Wondrous Voices

By Shams Afif Siddiqi

People who meet people: Interviews with the stars
By Swapan K. Banerjee,
Rs 699

Scores of books about writers and their works have been published in the form of interviews. People like to listen to, or read about, the opinions of others, especially when they happen to be well known personalities. It bridges the gap between fame and anonymity. Even in this fast moving world, it is well nigh impossible for readers to not be affected by interviews. But few writers have taken the trouble to talk to musicians, filmmakers, dancers and other artists, and jot down their thoughts for the benefit of their fans. People Who Meet People is about interviews with “stars” from diverse fields. These legends talk about their art, methods of work and philosophy.

The book is a collection of 49 interviews of men and women from the world of art, dance, cinema and writing, some of whom are living legends. The foreword by I. Allan Sealy and introduction by Ruskin Bond (picture) are added attractions. What makes People Who Meet People significant is the coming together of famous names in a single volume. The common man cannot easily meet or talk to legends like the late Ustad Bismillah Khan or Ruskin Bond. But through this book, he can meet them and closely listen to their thoughts. Swapan K. Banerjee has managed to unravel the mysteries of these great people. He talked to them in the comfort of their homes. Among the writers and poets included in the book are Mulk Raj Anand, Khushwant Singh, Shiv. K. Kumar, Nayantara Sahgal, Nergis Dalal, Ruskin Bond, I. Allan Sealy, Bill Aitken, Hugh and Colleen Gantzer, Sudhir Thapliyal, Namita Gokhale, Amit Chaudhuri, Shobhaa De, Jayanta Mahapatra and so on. The book features famous musicians like Ustad Bismillah Khan, Pandit Jasraj, Pandit Bhajan Sopori, Kala Ramnath, Ustad Shahid Parvez and the singer, Kishori Amonkar. One will also find in this book people like the actor, Victor Banerjee, the renowned tiger expert, K. Ullas Karanth, and the documentary filmmaker, Neela Venkatraman. The book will thus appeal to all kinds of readers.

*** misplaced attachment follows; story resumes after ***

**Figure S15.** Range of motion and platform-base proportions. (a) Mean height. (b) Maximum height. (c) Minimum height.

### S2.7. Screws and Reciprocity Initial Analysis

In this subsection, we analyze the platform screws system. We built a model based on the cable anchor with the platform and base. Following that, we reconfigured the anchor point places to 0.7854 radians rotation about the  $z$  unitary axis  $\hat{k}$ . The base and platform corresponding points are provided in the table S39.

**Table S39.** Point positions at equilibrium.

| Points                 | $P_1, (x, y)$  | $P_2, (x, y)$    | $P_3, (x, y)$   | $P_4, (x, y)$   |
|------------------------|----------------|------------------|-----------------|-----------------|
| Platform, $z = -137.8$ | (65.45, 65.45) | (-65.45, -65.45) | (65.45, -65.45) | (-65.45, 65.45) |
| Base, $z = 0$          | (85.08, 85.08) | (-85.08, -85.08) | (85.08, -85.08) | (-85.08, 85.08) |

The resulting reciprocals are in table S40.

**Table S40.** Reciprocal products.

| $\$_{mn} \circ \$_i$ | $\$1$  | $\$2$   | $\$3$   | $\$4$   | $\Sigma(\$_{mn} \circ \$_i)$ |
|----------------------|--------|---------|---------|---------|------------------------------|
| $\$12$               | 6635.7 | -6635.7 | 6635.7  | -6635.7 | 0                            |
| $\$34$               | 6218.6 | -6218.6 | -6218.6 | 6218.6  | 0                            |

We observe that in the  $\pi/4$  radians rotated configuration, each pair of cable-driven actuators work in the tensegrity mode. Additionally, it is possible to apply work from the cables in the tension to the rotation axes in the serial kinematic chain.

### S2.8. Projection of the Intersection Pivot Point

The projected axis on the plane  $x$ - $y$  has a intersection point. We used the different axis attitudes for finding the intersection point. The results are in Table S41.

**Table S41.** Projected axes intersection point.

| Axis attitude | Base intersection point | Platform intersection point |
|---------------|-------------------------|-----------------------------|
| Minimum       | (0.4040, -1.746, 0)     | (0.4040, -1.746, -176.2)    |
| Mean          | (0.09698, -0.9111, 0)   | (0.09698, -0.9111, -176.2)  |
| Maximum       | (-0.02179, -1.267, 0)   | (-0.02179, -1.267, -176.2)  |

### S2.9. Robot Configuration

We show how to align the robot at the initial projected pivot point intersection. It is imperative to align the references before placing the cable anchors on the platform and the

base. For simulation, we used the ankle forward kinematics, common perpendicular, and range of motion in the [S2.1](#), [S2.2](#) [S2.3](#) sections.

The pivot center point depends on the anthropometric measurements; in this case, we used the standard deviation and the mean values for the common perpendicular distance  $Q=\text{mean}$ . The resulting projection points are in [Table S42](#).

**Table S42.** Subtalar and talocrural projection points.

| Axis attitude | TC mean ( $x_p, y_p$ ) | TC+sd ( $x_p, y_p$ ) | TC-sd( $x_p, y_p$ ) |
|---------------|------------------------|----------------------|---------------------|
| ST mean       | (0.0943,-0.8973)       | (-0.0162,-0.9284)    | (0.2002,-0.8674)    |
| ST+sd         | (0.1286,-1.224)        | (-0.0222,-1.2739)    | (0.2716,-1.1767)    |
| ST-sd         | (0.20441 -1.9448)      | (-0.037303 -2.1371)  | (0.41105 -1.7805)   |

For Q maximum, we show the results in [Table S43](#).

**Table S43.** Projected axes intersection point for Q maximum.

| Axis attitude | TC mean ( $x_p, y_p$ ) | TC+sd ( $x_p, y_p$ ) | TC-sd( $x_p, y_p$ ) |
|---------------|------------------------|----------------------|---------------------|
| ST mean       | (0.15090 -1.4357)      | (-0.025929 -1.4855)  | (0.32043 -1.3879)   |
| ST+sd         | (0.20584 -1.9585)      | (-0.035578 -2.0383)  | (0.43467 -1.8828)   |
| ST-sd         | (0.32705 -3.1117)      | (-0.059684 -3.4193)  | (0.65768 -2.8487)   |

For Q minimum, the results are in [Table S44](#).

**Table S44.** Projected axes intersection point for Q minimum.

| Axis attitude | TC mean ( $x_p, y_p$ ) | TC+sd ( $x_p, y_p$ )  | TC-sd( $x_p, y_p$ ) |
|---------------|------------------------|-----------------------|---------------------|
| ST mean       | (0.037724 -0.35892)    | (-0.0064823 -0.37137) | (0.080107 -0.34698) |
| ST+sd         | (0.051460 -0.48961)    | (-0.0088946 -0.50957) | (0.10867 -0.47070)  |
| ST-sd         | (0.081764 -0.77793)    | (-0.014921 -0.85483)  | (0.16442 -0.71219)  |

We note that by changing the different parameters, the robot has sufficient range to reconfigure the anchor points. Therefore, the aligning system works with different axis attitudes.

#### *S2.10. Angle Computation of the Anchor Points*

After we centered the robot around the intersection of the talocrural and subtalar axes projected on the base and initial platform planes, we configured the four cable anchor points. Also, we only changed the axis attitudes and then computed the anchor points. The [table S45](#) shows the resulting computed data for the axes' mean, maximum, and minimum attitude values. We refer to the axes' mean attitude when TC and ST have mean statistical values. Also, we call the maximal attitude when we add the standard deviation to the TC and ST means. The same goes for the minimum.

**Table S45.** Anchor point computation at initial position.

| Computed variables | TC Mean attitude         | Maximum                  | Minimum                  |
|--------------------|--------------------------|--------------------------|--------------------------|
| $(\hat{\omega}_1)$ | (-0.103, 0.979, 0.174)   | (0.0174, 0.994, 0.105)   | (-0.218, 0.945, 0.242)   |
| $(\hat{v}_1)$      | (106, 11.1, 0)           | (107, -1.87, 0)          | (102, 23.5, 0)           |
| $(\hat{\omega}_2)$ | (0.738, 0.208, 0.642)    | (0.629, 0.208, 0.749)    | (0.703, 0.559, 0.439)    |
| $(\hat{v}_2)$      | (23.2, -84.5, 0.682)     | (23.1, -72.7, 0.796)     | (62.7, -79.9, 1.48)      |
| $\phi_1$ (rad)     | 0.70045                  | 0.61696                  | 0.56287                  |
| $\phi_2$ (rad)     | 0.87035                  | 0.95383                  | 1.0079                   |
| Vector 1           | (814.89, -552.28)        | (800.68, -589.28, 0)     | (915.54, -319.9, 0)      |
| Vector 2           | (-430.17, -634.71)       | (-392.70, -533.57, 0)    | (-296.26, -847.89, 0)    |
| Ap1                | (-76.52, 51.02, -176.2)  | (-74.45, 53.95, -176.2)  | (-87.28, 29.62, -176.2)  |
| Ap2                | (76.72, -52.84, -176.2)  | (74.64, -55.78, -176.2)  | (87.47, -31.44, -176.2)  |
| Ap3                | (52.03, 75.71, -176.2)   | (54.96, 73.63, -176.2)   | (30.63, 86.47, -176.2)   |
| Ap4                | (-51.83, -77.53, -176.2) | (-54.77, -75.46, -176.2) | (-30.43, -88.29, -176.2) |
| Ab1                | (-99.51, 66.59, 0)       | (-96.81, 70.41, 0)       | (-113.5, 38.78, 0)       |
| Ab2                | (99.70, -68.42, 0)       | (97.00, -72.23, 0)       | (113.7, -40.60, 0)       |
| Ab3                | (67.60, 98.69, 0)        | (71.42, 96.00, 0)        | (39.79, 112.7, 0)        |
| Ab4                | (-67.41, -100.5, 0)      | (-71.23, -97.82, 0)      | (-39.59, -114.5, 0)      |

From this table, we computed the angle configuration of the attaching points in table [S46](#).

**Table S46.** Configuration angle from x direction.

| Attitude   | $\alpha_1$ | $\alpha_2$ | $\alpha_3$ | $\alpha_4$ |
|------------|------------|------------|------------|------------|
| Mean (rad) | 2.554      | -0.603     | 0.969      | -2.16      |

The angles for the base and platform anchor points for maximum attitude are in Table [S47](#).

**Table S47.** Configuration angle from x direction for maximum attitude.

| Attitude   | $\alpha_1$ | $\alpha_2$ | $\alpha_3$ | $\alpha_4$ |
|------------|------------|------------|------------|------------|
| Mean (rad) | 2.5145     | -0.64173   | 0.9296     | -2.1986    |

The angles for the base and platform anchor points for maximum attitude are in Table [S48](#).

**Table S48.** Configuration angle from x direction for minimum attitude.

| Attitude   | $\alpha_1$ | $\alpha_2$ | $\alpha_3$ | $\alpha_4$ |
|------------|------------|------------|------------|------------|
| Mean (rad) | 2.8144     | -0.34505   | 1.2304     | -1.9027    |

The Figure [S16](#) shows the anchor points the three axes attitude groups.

Although Banerjee does not make a distinction between writers and other artists, the book should have been divided into two parts to make it easier for readers. The parts that deal with musicians stray into a different world altogether. Ustad Bismillah Khan’s incredible mystical experiences touch the soul. The greater part of the book is taken up by poets and writers who have originally written in English. Some of them talk at length about their method and style of writing, which can be a boon for aspiring writers. Shiv. K. Kumar, who is always vocal, speaks at length about his methods, which can inspire new and even seasoned writers. Jayanta Mahapatra is reticent, but he too opens up easily to Banerjee. The interviewer manages to show how people from the world of art cultivate their craft and what it means to them. It is a rare peek into a world that is zealously guarded by the artists. Perhaps Banerjee’s persuasive manner broke the barriers between the artist and the ordinary man.

In the introduction to the book, Ruskin Bond calls Banerjee a ‘perfect listener.’ But the latter probably won the trust of the artists in more ways than one. One of them could be his extensive research on his subjects. While reading the conversations, readers slowly begin to identify with their icons, learn about their devotion and experiences in life. The book creates an impact on readers on two fronts. First, it portrays the artist and his art in a manner never seen before. Discerning readers know that once the artist creates something, his work assumes a life of its own; but when the same artist talks openly about his creation, he peels off layers to reach the heart of his own creative methods. It is this attempt at recreating the whole process that makes the reader marvel. Second, the interviewer’s method of drawing his subjects out attracts readers as much as the personalities in the book.

Although the people who have been interviewed are all different, Banerjee’s approach seems to be the same. There is neither an aggressive design nor a complex scheme in his method. But this does not mean that he has not done his homework. One is amazed to find how much material he handled in order to comfortably talk to the different people. He knows that artists are interested in talking about themselves and their art, so he makes no attempt to disturb their flow of thought.

But the readers do not know when the interviews were conducted. Banerjee’s introduction to the artists seems short and prosaic. A closer description of the artists, their rooms and so on would have built up the mood and endeared the reader to the subject. The book could also have included some other legends from the world of music and cinema. Moreover, the book predominantly consists of interviews of poets and writers who write in English. If authors who wrote in other Indian languages had been included, the book would have gained a new dimension. Banerjee’s simple language appeals to readers, but the subject demanded a different style and idiom for portraying the lives and works of these great people.

First published in The Telegraph

Leave a Comment

Your email address will not be published. Required fields are marked *

This site uses Akismet to reduce spam. Learn how your comment data is processed.